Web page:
Jane Ira Bloom is not exactly a household name unless the household in question happens to have a passion for avant-garde jazz. In the world of jazz, the word that most would agree defines Bloom’s career is “accomplished.” A musician for over 50 years and a composer for almost 30, she is perhaps best known for her performances as a soprano saxophonist. Her career has seen her commissioned by NASA as well as being given a Guggenheim Fellowship, but it culminated in the winning of the Grammy for Best Immersive Audio Album at the 60th annual awards for her Early Americans album.
It is rare that a musician can move from a jazz quartet to a trio and the sound grows. Along with Mark Helias on bass and Bobby Previte on drums, Bloom anchors us in melody with the relatively straightforward opener, “Song Patrol,” starting us on a proverbial highway before taking us on back roads to the tangents throughout the rest of the album. The minimalism of the opener’s instrumentation fills the room while the instruments interact and interweave.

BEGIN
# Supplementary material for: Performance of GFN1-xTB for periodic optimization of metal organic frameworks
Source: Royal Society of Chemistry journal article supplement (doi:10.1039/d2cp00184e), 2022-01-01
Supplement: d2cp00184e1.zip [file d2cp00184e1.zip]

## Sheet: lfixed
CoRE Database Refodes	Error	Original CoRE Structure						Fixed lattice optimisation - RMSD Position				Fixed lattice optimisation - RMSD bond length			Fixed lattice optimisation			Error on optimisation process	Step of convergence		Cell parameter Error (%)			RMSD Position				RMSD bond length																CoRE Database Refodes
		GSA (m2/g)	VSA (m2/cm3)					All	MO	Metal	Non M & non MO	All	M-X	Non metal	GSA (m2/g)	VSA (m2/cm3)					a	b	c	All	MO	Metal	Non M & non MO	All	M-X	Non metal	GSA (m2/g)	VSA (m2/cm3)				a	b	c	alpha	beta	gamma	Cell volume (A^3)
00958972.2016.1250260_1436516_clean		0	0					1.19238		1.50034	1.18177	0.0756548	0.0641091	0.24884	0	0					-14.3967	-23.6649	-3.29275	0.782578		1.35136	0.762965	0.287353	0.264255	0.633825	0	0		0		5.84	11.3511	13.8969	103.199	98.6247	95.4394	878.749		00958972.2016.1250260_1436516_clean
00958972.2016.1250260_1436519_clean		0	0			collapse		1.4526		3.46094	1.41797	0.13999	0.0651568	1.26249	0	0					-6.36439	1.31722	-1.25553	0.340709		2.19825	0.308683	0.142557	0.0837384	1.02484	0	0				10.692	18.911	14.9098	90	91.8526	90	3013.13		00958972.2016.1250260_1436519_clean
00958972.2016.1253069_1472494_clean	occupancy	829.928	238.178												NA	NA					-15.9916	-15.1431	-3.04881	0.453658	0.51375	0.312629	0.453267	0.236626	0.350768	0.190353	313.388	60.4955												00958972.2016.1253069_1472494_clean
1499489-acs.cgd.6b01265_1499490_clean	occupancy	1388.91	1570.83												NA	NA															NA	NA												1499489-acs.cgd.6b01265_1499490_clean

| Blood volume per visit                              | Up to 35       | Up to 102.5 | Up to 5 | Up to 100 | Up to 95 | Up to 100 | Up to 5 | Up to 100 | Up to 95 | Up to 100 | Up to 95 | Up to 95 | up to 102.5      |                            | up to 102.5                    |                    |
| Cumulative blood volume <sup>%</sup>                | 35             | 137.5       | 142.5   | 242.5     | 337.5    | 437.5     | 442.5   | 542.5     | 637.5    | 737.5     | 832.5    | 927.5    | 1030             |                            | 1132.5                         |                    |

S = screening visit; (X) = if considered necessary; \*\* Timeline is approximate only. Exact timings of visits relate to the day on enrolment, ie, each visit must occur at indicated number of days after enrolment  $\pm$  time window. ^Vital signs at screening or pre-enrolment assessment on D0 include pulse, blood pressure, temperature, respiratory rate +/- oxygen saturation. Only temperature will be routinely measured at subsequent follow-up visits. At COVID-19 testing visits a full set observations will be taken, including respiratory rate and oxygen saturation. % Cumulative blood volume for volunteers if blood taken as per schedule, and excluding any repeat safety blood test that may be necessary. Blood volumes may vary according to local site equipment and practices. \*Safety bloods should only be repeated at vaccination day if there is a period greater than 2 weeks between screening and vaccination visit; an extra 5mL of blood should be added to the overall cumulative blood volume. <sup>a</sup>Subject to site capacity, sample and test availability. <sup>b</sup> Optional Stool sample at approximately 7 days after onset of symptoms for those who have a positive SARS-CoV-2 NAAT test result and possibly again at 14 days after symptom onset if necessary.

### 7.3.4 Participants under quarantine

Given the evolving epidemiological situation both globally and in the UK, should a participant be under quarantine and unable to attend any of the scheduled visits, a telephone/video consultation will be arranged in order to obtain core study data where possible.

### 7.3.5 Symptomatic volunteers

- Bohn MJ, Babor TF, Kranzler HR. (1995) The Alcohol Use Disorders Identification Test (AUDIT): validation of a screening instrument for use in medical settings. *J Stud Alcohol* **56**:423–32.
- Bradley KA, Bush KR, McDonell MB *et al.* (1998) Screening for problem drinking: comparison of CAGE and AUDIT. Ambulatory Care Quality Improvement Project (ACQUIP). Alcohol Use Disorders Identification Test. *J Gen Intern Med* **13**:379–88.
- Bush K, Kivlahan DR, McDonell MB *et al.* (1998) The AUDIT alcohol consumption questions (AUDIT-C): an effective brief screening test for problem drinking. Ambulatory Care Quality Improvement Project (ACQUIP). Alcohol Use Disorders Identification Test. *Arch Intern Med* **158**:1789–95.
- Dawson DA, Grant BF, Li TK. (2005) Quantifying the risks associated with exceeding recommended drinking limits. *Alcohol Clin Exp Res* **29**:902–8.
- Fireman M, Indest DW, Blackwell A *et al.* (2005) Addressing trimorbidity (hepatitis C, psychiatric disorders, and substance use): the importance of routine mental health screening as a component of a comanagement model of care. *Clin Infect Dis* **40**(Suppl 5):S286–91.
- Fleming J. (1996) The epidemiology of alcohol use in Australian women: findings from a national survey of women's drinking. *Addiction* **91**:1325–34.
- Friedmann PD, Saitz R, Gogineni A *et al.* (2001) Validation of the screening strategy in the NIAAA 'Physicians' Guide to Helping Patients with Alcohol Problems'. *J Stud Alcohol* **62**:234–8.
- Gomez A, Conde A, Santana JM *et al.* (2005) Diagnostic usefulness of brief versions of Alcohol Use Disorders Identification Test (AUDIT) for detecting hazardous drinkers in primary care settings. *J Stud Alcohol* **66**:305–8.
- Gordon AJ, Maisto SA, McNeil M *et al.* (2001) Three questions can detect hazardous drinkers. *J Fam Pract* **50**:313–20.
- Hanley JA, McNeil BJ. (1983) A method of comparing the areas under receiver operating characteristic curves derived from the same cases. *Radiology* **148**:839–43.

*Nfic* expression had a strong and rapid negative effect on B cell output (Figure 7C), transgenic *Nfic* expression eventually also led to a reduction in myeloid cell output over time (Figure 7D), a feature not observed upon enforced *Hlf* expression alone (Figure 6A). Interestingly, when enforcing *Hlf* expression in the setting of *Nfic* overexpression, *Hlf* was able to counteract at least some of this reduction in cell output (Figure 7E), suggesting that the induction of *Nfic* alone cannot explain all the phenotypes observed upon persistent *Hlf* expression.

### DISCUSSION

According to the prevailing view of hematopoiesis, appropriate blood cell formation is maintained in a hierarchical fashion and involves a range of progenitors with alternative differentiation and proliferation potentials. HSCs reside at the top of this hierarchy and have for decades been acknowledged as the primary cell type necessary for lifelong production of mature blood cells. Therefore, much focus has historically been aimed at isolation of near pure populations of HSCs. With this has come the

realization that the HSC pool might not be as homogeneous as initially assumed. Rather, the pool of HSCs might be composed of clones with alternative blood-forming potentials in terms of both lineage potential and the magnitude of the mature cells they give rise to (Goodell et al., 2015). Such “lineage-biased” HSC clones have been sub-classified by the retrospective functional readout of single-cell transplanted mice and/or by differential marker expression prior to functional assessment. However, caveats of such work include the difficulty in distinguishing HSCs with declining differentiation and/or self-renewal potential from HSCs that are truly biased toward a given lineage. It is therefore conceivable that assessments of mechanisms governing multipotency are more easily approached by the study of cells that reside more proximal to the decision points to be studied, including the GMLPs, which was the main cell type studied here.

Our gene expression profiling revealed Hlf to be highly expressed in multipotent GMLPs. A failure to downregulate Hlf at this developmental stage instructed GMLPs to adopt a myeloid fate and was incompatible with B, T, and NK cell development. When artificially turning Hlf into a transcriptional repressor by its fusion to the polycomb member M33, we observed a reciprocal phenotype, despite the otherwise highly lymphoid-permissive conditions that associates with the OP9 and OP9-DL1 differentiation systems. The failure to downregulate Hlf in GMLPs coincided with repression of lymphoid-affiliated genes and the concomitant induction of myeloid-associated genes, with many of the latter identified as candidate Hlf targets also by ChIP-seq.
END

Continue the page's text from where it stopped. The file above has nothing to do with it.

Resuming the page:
“Dangerous Times” takes a different path, with stopping and starting drums, at times almost tribal in nature, giving space for the other instruments to pan around the stereo field. This is the first of many examples of experimentation in the mix. Long has Bloom delved into the world of electronics and although the organic, naturalistic elements of the instruments are allowed to thrive throughout this album, recording techniques have created room to experiment. This is shown in the accompanying CD liner photos, in which she can be seen moving microphones around for a spatial effect during recording.
The snarling and driving “Hips and Sticks” is a highlight, with a driving beat keeping us centered while Bloom’s improvisation on the sax tells its own story. “Rhyme or Rhythm” takes us to a more experimental territory, with a sturdy groove being met with some jarring moments and instrumental trills. The instrumental tangents are back and prove that this composer is not afraid to explore new grounds. The immersive audio experience takes us to the middle of a jazz club, truly putting you in the room with these musicians, seemingly lost in the moment.
The album has met its crescendo and moves on to a more somber yet mellow ending. “Mind Gray River” gives a hint of this mellowing, before the minimalist and provocative “Somewhere” rounds the album off with tremendous intimacy.
Jane Ira Bloom’s win (along with engineers Jim Anderson and Darcy Proper) is a brave award by The Recording Academy, but is a true credit to the surround sound and “immersive” experience.